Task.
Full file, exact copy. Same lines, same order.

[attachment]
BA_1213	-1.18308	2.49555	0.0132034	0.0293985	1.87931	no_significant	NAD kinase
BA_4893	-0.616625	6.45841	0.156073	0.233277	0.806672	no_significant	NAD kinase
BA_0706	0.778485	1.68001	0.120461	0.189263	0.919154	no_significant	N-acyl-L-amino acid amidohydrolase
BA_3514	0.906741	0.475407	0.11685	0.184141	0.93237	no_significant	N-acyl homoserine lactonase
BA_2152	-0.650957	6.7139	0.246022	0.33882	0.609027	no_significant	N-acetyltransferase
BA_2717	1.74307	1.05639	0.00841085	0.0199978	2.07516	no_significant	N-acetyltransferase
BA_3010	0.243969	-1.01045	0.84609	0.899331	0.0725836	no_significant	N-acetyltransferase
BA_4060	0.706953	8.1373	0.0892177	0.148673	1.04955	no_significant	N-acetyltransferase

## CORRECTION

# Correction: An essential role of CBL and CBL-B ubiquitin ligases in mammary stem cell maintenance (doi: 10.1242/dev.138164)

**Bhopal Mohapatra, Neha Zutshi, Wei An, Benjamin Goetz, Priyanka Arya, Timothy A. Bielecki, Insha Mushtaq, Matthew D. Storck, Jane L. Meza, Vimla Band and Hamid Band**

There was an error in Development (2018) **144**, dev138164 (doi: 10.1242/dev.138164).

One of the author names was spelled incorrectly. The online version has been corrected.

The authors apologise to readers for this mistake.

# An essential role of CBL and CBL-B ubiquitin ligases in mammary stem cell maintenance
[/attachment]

BA_1213	-1.18308	2.49555	0.0132034	0.0293985	1.87931	no_significant	NAD kinase
BA_4893	-0.616625	6.45841	0.156073	0.233277	0.806672	no_significant	NAD kinase
BA_0706	0.778485	1.68001	0.120461	0.189263	0.919154	no_significant	N-acyl-L-amino acid amidohydrolase
BA_3514	0.906741	0.475407	0.11685	0.184141	0.93237	no_significant	N-acyl homoserine lactonase
BA_2152	-0.650957	6.7139	0.246022	0.33882	0.609027	no_significant	N-acetyltransferase
BA_2717	1.74307	1.05639	0.00841085	0.0199978	2.07516	no_significant	N-acetyltransferase
BA_3010	0.243969	-1.01045	0.84609	0.899331	0.0725836	no_significant	N-acetyltransferase
BA_4060	0.706953	8.1373	0.0892177	0.148673	1.04955	no_significant	N-acetyltransferase

## CORRECTION

# Correction: An essential role of CBL and CBL-B ubiquitin ligases in mammary stem cell maintenance (doi: 10.1242/dev.138164)

**Bhopal Mohapatra, Neha Zutshi, Wei An, Benjamin Goetz, Priyanka Arya, Timothy A. Bielecki, Insha Mushtaq, Matthew D. Storck, Jane L. Meza, Vimla Band and Hamid Band**

There was an error in Development (2018) **144**, dev138164 (doi: 10.1242/dev.138164).

One of the author names was spelled incorrectly. The online version has been corrected.

The authors apologise to readers for this mistake.

# An essential role of CBL and CBL-B ubiquitin ligases in mammary stem cell maintenance